Just Keep Paddling
Honorable Mention, 2014 Bethesda Magazine Young Adult Essay Contest
I wonder how many people have died out here.
This thought raced through my mind as I peered out at the rapidly moving water—white with foam and heading to the seemingly endless drop below.
I sat—with eight other kids—in a red kayak, bobbing gently against the rocks along the edge of the river. It was the ultimate picture of man against nature. However, a twelve year old girl could hardly be considered an appropriate match against raging Class III rapids. Several scenarios replayed in my head—one being the image of my kayak flipping over, causing me to crack my head against a rock and drown. It would be quite an unfortunate end to my first time at summer camp.
I looked over at the camp instructor, Jim. I hoped he realized that maybe taking a bunch of kids down some white water rapids (when they’ve only had four days to learn how to kayak), isn’t such a good idea after all. However his expression said otherwise. For the record, Jim was a tough, outdoorsy type of guy. He was the type of person who had climbed Mount Everest, and treated it as a small feat. He sat in his own kayak, facing us, and waiting for one of us to volunteer. No one seemed too inclined, as we all wanted to be safely on the buses that afternoon. Jim had mentioned earlier that only one kid from camp had died, (answering my previous internal inquiry), but “he had completely disregarded any of the rules…”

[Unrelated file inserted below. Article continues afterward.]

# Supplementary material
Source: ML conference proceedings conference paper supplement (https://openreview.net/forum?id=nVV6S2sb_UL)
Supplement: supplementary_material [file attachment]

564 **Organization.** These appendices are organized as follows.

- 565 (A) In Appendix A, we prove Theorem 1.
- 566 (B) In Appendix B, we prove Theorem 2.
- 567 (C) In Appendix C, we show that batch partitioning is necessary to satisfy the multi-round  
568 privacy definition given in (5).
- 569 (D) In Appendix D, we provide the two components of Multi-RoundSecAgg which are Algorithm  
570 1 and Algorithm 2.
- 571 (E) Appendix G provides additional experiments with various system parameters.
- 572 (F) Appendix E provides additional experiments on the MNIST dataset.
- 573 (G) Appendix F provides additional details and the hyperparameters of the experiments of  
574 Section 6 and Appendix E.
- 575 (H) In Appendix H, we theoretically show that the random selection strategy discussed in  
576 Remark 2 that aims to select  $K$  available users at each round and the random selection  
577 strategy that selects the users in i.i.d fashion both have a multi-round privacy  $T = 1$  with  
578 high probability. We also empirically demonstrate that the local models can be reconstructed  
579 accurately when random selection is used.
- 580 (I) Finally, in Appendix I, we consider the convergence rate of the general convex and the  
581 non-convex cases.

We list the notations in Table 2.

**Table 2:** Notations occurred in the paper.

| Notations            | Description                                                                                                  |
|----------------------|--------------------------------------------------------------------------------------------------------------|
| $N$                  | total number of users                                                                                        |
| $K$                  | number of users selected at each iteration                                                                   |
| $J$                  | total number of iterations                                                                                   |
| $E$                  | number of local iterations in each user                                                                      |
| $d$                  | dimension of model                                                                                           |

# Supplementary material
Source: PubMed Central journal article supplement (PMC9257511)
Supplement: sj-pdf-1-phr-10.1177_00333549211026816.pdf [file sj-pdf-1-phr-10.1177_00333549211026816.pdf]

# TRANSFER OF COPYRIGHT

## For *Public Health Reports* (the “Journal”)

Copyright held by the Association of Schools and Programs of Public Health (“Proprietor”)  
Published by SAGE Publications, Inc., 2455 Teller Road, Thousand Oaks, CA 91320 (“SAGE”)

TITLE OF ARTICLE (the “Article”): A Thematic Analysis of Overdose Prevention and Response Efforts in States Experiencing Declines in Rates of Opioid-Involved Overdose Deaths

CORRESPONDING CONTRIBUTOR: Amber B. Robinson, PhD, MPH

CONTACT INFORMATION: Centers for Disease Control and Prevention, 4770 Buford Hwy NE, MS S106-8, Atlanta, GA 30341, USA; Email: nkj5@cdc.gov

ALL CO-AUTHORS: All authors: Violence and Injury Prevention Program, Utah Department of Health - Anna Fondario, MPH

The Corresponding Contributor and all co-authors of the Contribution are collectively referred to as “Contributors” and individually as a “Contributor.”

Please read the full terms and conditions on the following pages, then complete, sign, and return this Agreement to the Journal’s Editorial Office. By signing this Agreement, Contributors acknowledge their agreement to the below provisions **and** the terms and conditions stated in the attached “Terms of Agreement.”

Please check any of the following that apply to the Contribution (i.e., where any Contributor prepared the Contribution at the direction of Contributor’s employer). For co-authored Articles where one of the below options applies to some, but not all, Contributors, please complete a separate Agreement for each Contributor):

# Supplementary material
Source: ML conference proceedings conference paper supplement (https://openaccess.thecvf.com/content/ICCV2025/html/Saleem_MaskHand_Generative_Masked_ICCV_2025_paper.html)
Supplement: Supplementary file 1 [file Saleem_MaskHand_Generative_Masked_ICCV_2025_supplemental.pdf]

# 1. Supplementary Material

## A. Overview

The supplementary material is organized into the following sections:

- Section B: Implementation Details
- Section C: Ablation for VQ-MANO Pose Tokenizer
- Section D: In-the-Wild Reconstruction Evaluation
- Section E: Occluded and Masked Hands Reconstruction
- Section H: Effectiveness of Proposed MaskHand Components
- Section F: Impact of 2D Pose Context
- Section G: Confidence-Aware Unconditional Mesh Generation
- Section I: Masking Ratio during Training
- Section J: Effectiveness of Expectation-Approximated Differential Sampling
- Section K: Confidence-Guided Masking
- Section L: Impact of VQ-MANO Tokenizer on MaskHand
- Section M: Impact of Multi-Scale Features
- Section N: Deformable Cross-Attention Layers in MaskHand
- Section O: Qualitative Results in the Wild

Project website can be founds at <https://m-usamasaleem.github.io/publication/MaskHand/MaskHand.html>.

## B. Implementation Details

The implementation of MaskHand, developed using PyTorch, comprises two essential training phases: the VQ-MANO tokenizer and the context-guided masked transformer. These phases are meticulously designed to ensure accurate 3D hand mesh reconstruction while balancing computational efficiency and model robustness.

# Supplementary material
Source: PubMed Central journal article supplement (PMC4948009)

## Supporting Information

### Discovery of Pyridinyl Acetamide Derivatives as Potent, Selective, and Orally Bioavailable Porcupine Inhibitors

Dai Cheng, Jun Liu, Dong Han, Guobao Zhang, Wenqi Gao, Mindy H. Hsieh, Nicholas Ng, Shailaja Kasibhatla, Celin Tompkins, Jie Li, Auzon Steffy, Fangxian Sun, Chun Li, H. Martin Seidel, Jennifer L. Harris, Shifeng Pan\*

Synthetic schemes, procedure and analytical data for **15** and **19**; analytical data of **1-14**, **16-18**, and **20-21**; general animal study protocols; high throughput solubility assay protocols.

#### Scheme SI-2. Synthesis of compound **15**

So that was comforting.
I really don’t remember why I raised my hand. Maybe I was feeling really bold at that moment. Or maybe I was trying to impress the boy next to me. Whatever it was, I could hear myself say,
“I’ll go first!”
Immediately, I wished I had kept quiet.
Jim grinned at me.
At this point, all eyes were on me.
Well, here goes nothing.
I edged my kayak into the middle of the swirling water, entering at an angle like he had taught us. As the water began to turn my kayak forward, I could feel myself frantically paddling. Jim had said that as long as we kept paddling, we had a pretty good chance of not flipping over. I felt the river’s current practically pull my kayak downstream, as I paddled for dear life.
Spoiler alert: I survived.
By the end of that week, I had returned home safely on the bus, covered in bug bites, sun burnt, and smelling like the one-and-only Potomac River. I had never been happier.
As cliché as it sounds, that experience changed me.
Surprisingly, for an often shy and reserved person, I have learned that being bold and speaking out have helped me overcome my fears. This experience produced a drive in me that I carry to this day—where I have learned that in order to succeed, you can’t give up. You just keep paddling.